Yes. Telephoto lens are ideal for astrophotography. However, they are mostly used by advanced astrophotography photographers. If you are using telephoto lens, you need to have enough knowledge to balance the colour, contrast and brightness. Otherwise, you will produce whack images.
Best telephoto lens for astrophotography
Telephoto lens are very expensive but more advanced. You can capture some spectacular images with telephoto lens with an F-stop value of F/2.8 without needing to edit. Some of these lens are;
- Canon EF 300mm f/2.8L IS II USM Lens
- Canon EF 400mm f/2.8L IS III USM Lens
- Canon EF 600mm f/4L IS III USM Lens
- Nikon AF-S NIKKOR 300mm f/2.8G ED VR II Lens
- Nikon AF-S NIKKOR 400mm f/2.8E FL ED VR Lens
- Nikon AF-S NIKKOR 500mm f/4E FL ED VR Lens
- Nikon AF-S NIKKOR 600mm f/4E FL ED VR Lens
- Canon EF 200mm f/2.8L II USM Lens
- Canon EF 200mm f/2L IS USM Lens
- Nikon F – Canon EF
- Nikon F – Canon EF – Sony E
- Nikon AF Nikkor 180mm f/2.8D IF-ED Lens
- Nikon AF-S NIKKOR 200mm f/2G ED VR II Lens
- Sigma 105mm f/1.4 DG HSM Art
- Sigma 135mm f/1.8 DG HSM Art
What DSLR lens is best for astrophotography?
Astrophotography DSLR lens can be divided into Top lens and budget DSLR.
|Type||Top DSLR lens||Budget DSLR lens|
|Wide-angled||Canon EF – Nikon FSigma 14mm f/1.8 DG HSM ArtSigma 28mm f/1.4 DG HSM Art||Canon EF-S – Nikon FCanon EF – Nikon FCanon EF-S 18-55mm f/4-5.6 IS STMNikon AF-P DX NIKKOR 18-55mm f/3.5-5.6G VR LensRokinon 16mm f/2.0 ED AS UMC CS LensRokinon 24mm f/1.4 ED AS UMC|
|Normal||Nikon F – Canon EFSigma 40mm f/1.4 DG HSM Art||Canon’s 50mm f/1.8 lensNikon’s 50mm f/1.8 lens|
|Telephoto||Canon EF 200mm f/2L IS USM LensCanon EF 200mm f/2.8L II USM LensNikon F- Canon EF-Sony ENikon F – Canon EFNikon AF Nikkor 180mm f/2.8D IF-ED LensNikon AF-S NIKKOR 200mm f/2G ED VR II LensSigma 105mm f/1.4 DG HSM ArtSigma 135mm f/1.8 DG HSM Art||Canon EF – Nikon FCanon 200mm f/2.8 L II USM EFNikkor 180mm f/2.8 EDSigma 150mm f/2.8 EX DG OS HSM APO Macro LensSamyang 135mm f/2.0 ED UMC LensRokinon 85mm f/1.4 AS IF UMC Lens|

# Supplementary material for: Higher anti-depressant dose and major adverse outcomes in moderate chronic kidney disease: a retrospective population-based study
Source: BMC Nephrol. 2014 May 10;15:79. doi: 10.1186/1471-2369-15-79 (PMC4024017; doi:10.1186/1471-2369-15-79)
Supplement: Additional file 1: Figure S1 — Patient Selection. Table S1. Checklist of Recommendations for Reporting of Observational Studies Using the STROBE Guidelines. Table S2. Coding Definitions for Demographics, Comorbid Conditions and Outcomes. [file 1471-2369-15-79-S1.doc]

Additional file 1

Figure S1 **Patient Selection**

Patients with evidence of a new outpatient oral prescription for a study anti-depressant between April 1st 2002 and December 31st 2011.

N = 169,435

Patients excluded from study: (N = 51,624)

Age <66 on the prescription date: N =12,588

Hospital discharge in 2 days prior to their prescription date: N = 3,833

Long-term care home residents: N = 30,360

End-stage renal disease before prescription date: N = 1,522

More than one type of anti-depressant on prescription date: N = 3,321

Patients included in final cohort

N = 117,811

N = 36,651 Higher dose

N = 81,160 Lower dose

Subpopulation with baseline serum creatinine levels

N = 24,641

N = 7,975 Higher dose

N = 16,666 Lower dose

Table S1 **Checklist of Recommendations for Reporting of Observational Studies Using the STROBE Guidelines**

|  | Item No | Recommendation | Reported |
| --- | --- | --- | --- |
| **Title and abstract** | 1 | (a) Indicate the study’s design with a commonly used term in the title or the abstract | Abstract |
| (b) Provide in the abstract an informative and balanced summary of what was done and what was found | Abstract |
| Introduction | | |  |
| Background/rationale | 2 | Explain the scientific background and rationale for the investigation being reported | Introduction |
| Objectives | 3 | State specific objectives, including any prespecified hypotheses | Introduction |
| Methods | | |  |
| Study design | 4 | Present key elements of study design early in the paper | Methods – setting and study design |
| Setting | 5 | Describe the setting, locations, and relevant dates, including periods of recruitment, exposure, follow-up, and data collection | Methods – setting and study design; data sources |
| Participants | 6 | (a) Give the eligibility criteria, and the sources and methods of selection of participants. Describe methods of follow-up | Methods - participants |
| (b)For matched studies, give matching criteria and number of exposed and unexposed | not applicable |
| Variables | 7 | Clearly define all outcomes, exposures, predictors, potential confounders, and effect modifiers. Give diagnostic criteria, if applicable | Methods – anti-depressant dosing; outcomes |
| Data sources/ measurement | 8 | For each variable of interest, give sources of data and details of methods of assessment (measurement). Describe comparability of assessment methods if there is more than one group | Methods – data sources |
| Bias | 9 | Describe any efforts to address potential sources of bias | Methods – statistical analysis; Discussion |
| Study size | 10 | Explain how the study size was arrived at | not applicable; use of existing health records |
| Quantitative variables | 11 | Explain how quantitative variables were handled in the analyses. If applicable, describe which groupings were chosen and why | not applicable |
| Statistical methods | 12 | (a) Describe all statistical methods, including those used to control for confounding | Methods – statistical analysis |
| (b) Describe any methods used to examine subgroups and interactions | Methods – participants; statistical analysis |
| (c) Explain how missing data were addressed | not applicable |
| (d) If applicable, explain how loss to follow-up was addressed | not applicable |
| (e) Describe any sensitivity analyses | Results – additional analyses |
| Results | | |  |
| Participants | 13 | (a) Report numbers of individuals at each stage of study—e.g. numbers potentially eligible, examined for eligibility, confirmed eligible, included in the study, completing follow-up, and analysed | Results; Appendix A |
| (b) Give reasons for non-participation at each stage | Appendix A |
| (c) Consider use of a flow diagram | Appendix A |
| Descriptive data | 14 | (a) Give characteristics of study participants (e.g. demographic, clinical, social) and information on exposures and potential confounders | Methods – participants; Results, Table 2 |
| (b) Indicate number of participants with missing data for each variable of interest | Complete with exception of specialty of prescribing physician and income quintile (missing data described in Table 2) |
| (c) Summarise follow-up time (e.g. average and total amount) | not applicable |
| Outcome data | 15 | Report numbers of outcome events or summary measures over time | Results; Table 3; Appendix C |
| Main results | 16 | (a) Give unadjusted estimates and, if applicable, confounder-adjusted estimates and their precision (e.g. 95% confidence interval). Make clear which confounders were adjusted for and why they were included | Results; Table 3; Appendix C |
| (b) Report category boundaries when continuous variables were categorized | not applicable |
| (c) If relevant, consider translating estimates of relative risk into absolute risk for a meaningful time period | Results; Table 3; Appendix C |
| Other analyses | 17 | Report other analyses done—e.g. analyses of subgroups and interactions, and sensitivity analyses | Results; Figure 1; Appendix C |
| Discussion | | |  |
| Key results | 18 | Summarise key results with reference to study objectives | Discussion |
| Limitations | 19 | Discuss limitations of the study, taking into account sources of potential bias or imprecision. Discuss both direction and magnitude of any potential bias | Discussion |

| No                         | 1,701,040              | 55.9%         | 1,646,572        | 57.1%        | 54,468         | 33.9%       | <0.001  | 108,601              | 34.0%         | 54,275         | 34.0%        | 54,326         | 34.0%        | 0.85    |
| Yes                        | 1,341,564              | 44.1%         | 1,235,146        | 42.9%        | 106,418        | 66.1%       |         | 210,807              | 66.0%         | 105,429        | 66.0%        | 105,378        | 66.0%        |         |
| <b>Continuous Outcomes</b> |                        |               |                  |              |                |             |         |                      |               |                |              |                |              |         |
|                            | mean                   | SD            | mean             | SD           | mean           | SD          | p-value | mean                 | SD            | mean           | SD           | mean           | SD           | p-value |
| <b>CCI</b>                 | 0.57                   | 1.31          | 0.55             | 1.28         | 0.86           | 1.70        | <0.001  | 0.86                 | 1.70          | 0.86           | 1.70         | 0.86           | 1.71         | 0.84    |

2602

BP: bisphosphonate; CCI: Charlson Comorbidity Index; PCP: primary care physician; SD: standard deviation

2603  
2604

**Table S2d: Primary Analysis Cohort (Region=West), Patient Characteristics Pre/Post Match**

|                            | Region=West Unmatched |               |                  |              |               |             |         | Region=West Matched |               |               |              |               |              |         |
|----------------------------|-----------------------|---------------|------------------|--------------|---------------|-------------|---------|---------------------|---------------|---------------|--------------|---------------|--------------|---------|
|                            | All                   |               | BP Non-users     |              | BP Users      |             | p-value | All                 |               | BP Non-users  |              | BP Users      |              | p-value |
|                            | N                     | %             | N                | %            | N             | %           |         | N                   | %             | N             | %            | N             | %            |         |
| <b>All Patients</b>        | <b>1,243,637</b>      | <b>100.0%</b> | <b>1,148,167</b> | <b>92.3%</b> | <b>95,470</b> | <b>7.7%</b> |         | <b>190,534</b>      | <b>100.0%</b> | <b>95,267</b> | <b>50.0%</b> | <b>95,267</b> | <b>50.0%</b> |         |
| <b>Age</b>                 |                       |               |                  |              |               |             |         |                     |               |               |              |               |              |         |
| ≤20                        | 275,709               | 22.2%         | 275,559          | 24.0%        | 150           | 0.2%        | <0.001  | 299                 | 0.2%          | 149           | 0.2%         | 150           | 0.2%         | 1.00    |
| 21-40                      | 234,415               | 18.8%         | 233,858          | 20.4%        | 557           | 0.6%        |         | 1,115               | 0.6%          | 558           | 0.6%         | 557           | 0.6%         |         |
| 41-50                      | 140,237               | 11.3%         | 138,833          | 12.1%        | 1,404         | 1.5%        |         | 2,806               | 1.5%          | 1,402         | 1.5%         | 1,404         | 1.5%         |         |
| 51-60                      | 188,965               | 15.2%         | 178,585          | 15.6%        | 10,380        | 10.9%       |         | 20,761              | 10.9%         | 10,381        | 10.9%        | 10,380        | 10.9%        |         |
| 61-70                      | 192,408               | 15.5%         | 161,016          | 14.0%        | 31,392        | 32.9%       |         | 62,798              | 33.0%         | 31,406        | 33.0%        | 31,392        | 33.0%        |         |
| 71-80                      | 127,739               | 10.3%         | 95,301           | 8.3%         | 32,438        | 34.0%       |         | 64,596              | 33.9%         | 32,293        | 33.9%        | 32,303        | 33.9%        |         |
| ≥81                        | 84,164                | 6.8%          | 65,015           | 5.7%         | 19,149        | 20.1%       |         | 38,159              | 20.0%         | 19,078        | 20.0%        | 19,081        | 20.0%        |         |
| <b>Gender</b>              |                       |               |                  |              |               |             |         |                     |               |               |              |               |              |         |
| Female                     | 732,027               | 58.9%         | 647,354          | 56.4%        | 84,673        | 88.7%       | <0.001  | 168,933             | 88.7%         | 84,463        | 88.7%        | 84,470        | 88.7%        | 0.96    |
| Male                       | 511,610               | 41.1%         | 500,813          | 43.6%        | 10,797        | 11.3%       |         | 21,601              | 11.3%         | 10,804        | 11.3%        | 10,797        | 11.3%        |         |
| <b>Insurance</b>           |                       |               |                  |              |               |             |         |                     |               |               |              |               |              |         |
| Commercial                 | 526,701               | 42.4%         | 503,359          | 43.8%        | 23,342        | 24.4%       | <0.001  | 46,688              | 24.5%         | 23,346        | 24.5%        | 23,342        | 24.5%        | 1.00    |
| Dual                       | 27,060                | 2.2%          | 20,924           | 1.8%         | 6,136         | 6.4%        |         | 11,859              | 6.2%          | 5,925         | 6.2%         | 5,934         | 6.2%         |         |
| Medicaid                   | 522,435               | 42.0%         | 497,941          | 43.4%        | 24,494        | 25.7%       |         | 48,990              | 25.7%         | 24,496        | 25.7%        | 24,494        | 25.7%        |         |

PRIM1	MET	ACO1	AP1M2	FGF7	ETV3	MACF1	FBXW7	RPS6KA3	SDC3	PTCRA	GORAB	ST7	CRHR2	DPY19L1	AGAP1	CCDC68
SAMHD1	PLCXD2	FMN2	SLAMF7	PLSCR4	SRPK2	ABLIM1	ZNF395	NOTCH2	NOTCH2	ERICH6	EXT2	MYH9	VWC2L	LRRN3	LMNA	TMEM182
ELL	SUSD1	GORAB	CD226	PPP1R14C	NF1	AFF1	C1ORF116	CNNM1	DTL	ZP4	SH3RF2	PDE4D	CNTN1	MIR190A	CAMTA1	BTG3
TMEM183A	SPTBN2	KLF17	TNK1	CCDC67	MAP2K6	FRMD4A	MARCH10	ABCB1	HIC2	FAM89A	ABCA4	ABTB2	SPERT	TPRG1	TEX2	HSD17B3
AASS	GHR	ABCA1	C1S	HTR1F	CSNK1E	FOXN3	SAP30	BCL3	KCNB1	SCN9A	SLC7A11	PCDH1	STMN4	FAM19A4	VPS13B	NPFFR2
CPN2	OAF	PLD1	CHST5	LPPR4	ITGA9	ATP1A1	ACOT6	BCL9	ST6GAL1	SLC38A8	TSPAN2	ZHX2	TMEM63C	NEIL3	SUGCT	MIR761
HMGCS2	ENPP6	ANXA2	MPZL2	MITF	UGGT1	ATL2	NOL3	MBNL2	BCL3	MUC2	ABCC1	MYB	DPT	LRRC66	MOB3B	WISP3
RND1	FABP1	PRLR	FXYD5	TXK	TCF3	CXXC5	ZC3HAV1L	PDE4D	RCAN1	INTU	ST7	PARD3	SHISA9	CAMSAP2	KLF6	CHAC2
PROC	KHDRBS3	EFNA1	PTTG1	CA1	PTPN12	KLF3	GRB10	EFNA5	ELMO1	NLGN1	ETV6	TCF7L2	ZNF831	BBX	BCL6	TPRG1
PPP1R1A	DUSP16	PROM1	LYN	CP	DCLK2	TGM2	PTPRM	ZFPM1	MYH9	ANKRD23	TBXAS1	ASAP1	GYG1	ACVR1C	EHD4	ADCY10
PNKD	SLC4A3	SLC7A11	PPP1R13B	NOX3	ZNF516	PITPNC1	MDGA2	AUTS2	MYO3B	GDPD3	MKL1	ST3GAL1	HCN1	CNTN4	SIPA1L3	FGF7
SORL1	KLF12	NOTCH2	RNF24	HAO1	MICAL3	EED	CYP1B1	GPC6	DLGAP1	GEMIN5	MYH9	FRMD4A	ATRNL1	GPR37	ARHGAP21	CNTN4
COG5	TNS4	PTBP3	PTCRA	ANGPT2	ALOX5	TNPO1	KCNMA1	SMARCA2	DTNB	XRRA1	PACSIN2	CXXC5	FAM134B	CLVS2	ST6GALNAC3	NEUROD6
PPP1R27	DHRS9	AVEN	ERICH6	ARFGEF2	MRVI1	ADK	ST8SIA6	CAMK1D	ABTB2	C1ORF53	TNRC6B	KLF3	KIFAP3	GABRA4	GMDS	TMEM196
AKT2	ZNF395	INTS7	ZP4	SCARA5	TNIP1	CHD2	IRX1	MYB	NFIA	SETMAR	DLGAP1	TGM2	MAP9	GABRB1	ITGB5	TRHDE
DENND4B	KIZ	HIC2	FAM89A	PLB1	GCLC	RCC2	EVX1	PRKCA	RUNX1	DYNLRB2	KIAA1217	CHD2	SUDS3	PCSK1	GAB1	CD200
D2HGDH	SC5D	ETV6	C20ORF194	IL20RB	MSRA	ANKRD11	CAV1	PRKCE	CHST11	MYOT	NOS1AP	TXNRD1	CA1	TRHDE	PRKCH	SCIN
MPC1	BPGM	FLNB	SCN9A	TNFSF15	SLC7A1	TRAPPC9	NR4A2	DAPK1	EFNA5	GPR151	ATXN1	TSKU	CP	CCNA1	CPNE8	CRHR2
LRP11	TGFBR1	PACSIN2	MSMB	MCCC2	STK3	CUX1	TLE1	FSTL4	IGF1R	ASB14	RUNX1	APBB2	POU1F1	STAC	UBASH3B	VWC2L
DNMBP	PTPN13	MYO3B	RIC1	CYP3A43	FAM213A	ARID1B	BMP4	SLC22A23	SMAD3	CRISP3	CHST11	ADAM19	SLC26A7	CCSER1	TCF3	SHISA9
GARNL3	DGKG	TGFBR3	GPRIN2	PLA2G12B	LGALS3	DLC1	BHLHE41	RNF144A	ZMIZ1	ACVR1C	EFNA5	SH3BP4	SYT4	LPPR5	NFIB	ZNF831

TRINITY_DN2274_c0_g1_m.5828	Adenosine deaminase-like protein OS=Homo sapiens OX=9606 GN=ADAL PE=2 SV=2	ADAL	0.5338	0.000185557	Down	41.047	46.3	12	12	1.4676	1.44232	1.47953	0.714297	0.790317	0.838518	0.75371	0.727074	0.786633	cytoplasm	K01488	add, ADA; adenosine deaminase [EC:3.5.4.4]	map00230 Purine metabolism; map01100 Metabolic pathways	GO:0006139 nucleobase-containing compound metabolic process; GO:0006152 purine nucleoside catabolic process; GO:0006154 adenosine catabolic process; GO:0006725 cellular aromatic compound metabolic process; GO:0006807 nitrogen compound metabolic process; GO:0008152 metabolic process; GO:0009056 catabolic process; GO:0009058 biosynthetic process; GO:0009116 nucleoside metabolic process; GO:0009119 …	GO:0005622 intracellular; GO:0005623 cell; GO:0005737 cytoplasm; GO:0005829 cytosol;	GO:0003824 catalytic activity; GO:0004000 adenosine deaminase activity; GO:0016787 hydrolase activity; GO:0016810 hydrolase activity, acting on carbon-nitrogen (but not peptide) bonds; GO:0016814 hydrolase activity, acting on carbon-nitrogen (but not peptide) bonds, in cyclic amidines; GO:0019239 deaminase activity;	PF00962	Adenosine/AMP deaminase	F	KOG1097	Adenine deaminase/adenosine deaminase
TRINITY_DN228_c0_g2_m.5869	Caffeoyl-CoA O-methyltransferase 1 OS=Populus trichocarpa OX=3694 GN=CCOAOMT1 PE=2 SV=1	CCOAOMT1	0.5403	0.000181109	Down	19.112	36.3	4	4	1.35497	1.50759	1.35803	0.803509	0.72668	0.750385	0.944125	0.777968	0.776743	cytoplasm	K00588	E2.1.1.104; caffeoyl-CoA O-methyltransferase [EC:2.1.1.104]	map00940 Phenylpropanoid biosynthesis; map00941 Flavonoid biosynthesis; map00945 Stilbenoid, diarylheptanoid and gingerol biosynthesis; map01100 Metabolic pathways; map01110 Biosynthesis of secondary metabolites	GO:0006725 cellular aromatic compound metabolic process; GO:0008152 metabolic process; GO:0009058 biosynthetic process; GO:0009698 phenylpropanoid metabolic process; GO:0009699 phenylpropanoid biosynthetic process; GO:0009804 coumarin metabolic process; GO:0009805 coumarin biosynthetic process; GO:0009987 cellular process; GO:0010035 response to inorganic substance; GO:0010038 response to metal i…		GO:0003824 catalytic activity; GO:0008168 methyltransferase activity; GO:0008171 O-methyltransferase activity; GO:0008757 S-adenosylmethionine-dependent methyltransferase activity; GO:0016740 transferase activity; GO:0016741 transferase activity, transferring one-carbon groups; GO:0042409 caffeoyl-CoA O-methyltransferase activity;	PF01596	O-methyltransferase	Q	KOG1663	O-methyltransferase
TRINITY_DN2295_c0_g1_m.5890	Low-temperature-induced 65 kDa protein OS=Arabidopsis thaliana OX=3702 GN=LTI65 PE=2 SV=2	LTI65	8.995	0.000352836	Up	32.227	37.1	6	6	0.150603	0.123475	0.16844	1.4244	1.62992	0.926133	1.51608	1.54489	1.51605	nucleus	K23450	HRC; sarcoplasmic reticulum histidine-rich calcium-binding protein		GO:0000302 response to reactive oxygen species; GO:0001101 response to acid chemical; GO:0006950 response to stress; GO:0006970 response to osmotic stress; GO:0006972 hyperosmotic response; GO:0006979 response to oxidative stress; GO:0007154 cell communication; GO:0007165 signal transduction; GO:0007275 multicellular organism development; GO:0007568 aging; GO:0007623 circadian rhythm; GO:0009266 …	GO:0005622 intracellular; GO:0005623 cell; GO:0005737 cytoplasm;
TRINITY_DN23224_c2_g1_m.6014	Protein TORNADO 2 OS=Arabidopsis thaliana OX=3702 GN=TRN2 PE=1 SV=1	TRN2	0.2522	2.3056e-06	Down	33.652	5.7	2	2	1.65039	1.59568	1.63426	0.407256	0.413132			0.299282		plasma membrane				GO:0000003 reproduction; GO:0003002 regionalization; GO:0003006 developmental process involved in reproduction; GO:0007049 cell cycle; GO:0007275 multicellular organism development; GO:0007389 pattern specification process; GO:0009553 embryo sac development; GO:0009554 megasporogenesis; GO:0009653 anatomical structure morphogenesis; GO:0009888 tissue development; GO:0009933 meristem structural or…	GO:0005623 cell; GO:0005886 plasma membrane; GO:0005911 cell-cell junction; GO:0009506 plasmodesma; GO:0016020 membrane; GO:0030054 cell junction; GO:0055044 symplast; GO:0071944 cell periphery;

|Super Telephoto||Canon EF 300mm f/2.8L IS II USM LensCanon EF 400mm f/2.8L IS III USM LensCanon EF 600mm f/4L IS III USM LensNikon AF-S NIKKOR 300mm f/2.8G ED VR II LensNikon AF-S NIKKOR 400mm f/2.8E FL ED VR LensNikon AF-S NIKKOR 500mm f/4E FL ED VR LensNikon AF-S NIKKOR 600mm f/4E FL ED VR Lens|
What zoom lens is for astrophotography?
Zoom lenses are lenses with adjustable focal length. Some of the most common zoom lens are;
- Canon 18-55 f/3.5-5.6
- Canon 55-250 f/4-5.6
- Sigma 18-200 f/3.5-6.3,
- Nikon Coolpix P1000
Best lens for milky way photography
Although the camera is a crucial part in milky way photography, the type of lens also matters a lot. Below is a chart showing the best milky way photography lens and the cheapest available options in the same category.
|Budget milky way photography lens||Best milky way photography lens|
|Rokinon 14mm f/2.8Tamron SP 15-30mm f/2.8 Di VC USDIrix 15mm f/2.4 BlackstoneVenus Laowa 15mm f/2Sony 20 mm f/1.88||Sigma 14mm f/1.8 DG HSMNikkor Z 20mm f/1.8 SCanon RF 15-35 mm f/2.8Sigma 14-24mm f/2.8 DGZeiss 18mm Batis f/2.8|
All the Milky way photography lens mentioned above are either mirrorless or DSLR mirrorless.
What to look for in a lens for milky way photography
Most ideal lens for milky way photography should be wide-angled and full framed. This types of lenses have the capability to capture enough light to avoid the always occurring noise in images. Aside from that, the things listed below should be considered when choosing milky way photography lens;
- Coma and Chromatic Aberration
- Low-light performance lens
- Wide-angled lens
- Medium and long focal length
- Look for any form of distortion
- Check for signs of vignetting